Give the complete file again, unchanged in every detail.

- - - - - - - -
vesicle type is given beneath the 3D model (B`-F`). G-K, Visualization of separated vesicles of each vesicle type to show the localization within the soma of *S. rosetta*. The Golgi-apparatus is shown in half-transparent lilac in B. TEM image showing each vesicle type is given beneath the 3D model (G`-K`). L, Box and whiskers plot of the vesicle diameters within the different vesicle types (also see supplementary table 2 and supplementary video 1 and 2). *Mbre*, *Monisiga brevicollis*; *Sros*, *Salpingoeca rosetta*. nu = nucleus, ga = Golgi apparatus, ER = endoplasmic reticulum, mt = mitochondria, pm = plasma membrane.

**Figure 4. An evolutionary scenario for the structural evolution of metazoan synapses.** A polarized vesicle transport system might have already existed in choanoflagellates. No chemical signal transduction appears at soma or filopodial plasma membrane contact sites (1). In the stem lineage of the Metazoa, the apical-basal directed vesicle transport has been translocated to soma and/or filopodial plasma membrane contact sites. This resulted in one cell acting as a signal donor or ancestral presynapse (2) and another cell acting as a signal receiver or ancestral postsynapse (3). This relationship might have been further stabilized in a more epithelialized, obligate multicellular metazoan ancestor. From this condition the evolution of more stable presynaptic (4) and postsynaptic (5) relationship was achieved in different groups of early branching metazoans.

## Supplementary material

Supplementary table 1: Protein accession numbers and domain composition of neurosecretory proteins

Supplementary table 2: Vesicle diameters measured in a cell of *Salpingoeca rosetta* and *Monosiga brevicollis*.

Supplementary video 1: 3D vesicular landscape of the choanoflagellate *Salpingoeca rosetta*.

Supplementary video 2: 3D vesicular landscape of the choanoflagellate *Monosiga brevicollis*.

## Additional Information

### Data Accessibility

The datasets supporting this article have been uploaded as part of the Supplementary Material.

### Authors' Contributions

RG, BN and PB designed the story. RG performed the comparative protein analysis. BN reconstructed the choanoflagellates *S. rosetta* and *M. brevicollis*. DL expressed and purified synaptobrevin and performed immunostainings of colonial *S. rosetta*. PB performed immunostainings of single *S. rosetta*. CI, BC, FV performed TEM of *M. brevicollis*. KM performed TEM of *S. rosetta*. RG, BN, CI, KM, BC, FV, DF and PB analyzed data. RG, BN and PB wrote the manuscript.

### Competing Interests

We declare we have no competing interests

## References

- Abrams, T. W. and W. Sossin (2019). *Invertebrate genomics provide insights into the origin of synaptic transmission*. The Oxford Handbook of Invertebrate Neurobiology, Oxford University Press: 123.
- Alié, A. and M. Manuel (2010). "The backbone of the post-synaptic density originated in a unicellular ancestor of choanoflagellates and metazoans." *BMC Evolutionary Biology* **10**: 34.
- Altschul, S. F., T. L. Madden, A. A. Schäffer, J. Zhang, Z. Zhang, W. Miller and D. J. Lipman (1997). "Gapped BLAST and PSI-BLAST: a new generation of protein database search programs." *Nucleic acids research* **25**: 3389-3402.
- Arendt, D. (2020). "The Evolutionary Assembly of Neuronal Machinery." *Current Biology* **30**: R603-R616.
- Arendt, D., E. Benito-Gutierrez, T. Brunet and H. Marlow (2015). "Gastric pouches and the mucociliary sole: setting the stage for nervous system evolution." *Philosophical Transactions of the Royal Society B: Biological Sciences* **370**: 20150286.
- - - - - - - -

vesicle type is given beneath the 3D model (B`-F`). G-K, Visualization of separated vesicles of each vesicle type to show the localization within the soma of *S. rosetta*. The Golgi-apparatus is shown in half-transparent lilac in B. TEM image showing each vesicle type is given beneath the 3D model (G`-K`). L, Box and whiskers plot of the vesicle diameters within the different vesicle types (also see supplementary table 2 and supplementary video 1 and 2). *Mbre*, *Monisiga brevicollis*; *Sros*, *Salpingoeca rosetta*. nu = nucleus, ga = Golgi apparatus, ER = endoplasmic reticulum, mt = mitochondria, pm = plasma membrane.

**Figure 4. An evolutionary scenario for the structural evolution of metazoan synapses.** A polarized vesicle transport system might have already existed in choanoflagellates. No chemical signal transduction appears at soma or filopodial plasma membrane contact sites (1). In the stem lineage of the Metazoa, the apical-basal directed vesicle transport has been translocated to soma and/or filopodial plasma membrane contact sites. This resulted in one cell acting as a signal donor or ancestral presynapse (2) and another cell acting as a signal receiver or ancestral postsynapse (3). This relationship might have been further stabilized in a more epithelialized, obligate multicellular metazoan ancestor. From this condition the evolution of more stable presynaptic (4) and postsynaptic (5) relationship was achieved in different groups of early branching metazoans.

## Supplementary material

Supplementary table 1: Protein accession numbers and domain composition of neurosecretory proteins

Supplementary table 2: Vesicle diameters measured in a cell of *Salpingoeca rosetta* and *Monosiga brevicollis*.

Supplementary video 1: 3D vesicular landscape of the choanoflagellate *Salpingoeca rosetta*.

Supplementary video 2: 3D vesicular landscape of the choanoflagellate *Monosiga brevicollis*.

## Additional Information

### Data Accessibility

The datasets supporting this article have been uploaded as part of the Supplementary Material.

### Authors' Contributions

RG, BN and PB designed the story. RG performed the comparative protein analysis. BN reconstructed the choanoflagellates *S. rosetta* and *M. brevicollis*. DL expressed and purified synaptobrevin and performed immunostainings of colonial *S. rosetta*. PB performed immunostainings of single *S. rosetta*. CI, BC, FV performed TEM of *M. brevicollis*. KM performed TEM of *S. rosetta*. RG, BN, CI, KM, BC, FV, DF and PB analyzed data. RG, BN and PB wrote the manuscript.

### Competing Interests

We declare we have no competing interests

## References

- Abrams, T. W. and W. Sossin (2019). *Invertebrate genomics provide insights into the origin of synaptic transmission*. The Oxford Handbook of Invertebrate Neurobiology, Oxford University Press: 123.
- Alié, A. and M. Manuel (2010). "The backbone of the post-synaptic density originated in a unicellular ancestor of choanoflagellates and metazoans." *BMC Evolutionary Biology* **10**: 34.
- Altschul, S. F., T. L. Madden, A. A. Schäffer, J. Zhang, Z. Zhang, W. Miller and D. J. Lipman (1997). "Gapped BLAST and PSI-BLAST: a new generation of protein database search programs." *Nucleic acids research* **25**: 3389-3402.
- Arendt, D. (2020). "The Evolutionary Assembly of Neuronal Machinery." *Current Biology* **30**: R603-R616.
- Arendt, D., E. Benito-Gutierrez, T. Brunet and H. Marlow (2015). "Gastric pouches and the mucociliary sole: setting the stage for nervous system evolution." *Philosophical Transactions of the Royal Society B: Biological Sciences* **370**: 20150286.